As Congress gets back to work, they will have many important policy issues to confront, including, not least, what to do about Puerto Rico. After recent statements by Puerto Rico’s Governor, Alejandro Garcia Padilla, that his government would refuse to pay debts, even Puerto Rico’s own constitutional debt, the stakes for seniors and small investors in whatever process Washington pursues have gotten much higher.
There is a road map for fixing Puerto Rico that protects investors, helps the island make desperately needed fiscal reforms, and preserves the rule of law. If we can get past the fog of political rhetoric, the road map is pretty clear.
First, Puerto Rico can fix its problems. It can fix them by focusing on spending. Yes, it has debts, but more importantly, Puerto Rico has a spending problem. It desperately needs to enact financial reforms and to cut spending. Rather than doing so, Governor Garcia Padilla and his advisors have manufactured a crisis in order to extract concessions from creditors. The Governor claims that Puerto Rico cannot pay its debts, but pays millions to advisors like Cleary Gottlieb, which advises deadbeat sovereigns like Argentina to default. Congress shouldn’t be misled by any of this, and should insist that Puerto Rico get control of its finances.
Washington should be clear-headed about what Governor Garcia Padilla’s real plan is. Next week, he is expected to release a “Fiscal Adjustment Plan,” which is expected to call for a local control board that would make sure “tough reforms” are actually implemented. This is a farce. The plan has only two real goals, and they are both politically – rather than fiscally – motivated: the first is to pacify concerns by those in Congress that feel Puerto Rico is not making the hard decisions needed to reform and grow the economy. Congress should not be fooled. The real prize is the plan’s second goal: to lay the groundwork for defaulting on Puerto Rico’s debt – even its constitutional debt.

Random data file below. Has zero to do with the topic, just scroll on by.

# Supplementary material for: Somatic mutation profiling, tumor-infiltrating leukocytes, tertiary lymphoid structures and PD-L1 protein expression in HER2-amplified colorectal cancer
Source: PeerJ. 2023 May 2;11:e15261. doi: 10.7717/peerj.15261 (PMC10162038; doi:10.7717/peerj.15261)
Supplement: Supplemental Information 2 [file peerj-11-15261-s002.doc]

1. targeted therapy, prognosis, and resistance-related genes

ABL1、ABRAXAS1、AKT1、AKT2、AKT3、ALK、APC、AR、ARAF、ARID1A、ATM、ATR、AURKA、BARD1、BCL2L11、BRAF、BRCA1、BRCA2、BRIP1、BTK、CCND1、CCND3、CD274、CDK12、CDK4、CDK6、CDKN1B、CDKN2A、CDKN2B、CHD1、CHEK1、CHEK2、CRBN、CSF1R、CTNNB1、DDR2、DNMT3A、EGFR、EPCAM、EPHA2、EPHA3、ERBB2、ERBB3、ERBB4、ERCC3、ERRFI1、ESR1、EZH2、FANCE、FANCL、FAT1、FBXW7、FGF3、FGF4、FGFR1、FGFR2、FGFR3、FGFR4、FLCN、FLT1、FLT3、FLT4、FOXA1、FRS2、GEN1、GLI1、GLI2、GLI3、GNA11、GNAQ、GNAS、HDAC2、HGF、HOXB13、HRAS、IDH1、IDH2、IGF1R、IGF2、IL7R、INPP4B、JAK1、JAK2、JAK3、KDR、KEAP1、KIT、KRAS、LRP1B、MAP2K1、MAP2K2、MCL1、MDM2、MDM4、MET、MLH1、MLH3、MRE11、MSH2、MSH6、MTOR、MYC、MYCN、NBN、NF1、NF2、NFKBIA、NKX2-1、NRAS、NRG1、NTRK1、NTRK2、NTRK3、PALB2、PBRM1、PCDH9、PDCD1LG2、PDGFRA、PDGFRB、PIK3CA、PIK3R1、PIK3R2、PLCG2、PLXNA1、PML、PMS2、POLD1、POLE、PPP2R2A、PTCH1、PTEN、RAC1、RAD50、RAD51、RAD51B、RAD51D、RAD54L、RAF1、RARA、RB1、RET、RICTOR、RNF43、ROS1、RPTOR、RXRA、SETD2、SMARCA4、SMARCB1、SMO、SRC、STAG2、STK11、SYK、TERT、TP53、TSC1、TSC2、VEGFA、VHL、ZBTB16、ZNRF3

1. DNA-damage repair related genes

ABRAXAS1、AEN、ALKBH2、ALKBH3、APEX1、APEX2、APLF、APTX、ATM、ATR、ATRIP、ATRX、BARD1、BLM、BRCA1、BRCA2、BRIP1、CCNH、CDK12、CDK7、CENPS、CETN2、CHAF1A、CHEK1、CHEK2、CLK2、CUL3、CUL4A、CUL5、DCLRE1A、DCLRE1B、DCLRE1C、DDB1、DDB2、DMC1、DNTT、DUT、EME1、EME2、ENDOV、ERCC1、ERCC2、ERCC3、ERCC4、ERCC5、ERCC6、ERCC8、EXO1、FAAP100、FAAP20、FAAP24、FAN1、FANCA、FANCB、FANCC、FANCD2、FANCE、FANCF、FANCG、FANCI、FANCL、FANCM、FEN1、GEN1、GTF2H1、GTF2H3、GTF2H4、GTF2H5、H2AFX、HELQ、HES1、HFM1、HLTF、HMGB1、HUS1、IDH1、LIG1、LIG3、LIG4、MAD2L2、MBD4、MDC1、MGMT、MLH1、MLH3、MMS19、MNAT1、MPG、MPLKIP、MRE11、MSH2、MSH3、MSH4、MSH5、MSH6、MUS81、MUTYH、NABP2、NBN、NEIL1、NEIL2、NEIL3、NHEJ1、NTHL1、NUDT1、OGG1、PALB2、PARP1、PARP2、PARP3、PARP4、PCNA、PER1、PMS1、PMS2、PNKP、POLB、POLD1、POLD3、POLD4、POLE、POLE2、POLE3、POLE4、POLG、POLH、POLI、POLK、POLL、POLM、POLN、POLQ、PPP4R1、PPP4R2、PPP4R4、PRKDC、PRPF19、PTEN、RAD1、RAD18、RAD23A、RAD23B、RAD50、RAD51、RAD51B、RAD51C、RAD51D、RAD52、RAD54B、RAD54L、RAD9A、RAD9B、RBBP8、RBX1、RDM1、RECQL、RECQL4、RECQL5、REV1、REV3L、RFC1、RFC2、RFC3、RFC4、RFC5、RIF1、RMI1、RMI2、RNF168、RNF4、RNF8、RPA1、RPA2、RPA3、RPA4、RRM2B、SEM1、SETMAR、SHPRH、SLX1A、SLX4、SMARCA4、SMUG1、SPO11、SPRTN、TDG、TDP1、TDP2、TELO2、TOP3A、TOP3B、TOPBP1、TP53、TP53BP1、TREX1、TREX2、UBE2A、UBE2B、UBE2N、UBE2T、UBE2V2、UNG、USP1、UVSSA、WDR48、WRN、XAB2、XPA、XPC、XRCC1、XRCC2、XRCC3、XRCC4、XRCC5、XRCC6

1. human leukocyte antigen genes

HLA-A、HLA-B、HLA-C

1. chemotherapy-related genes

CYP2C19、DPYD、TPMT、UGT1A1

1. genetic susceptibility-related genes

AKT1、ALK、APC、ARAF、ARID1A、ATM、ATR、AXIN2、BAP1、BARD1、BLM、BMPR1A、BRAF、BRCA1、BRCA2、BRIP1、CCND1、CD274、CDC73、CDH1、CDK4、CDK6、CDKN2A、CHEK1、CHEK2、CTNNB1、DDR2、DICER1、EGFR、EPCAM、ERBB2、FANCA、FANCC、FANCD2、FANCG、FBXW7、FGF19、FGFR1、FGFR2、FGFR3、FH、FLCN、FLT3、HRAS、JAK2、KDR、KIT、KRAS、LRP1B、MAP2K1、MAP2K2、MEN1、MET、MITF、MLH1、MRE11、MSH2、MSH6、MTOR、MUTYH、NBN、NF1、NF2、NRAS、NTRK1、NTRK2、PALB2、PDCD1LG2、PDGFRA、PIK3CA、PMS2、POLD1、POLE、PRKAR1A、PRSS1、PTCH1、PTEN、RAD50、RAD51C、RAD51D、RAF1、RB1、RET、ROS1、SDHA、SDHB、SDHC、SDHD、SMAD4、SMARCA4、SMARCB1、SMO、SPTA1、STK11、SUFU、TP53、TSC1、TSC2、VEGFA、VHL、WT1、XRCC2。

This restructuring constitutional debt, or so-called “Super Chapter Nine” restructuring, is the governor’s real plan for Puerto Rico. And it should concern every policy maker in Washington. That’s because if Puerto Rico is allowed to default on its constitutional debt, other states – like Illinois, California and New Jersey – would likely be next. No retirement account in America would be safe. Millions of American seniors have their retirement invested in municipal bond funds backed by the full faith and credit of states, territories and municipalities. To sanction a sweeping rewrite of constitutional bond obligations for Puerto Rico would undermine the security of all Americans’ retirement savings held in all constitutional government bonds. It would be reckless for Congress to undermine the financial security of millions of taxpayers.
Congress should not act as enabler as Puerto Rico’s leaders seek to wipe out all of their debts with “Super Chapter 9.” It can and should protect investors by insisting that any plan for Puerto Rico begins with fiscal reform, not creditor impairment. This will send a signal to taxpayers and capital markets that Congress takes the financial security of working Americans and the integrity of debt obligations seriously.
A better solution would be for Congress to appoint a federal control board that would impose discipline on taxing and spending and affirm the rule of law, free from the myriad political pressures on the island. A congressional control board created in the mid-1990s restored the finances of the District of Columbia in just five years, and that model provides a compelling example of what can work for Puerto Rico. Once a control board is in place, and Puerto Rico has addressed its spending problems, some debt restructuring may be necessary. But debt restructuring should not precede fiscal reform, and it cannot include Puerto Rico shirking constitutional debt.
60 Plus has launched the Main Street Bondholders Coalition to help return Puerto Rico to sound financial management and the protection of retirement savings. Our coalition will get behind proposals that address fiscal reform first, and keep restructuring constitutional bonds off the table. We could support legislation that adheres to these principles, should that legislation be introduced. We would not support giving more leeway to a governor whose real agenda is there for all to see.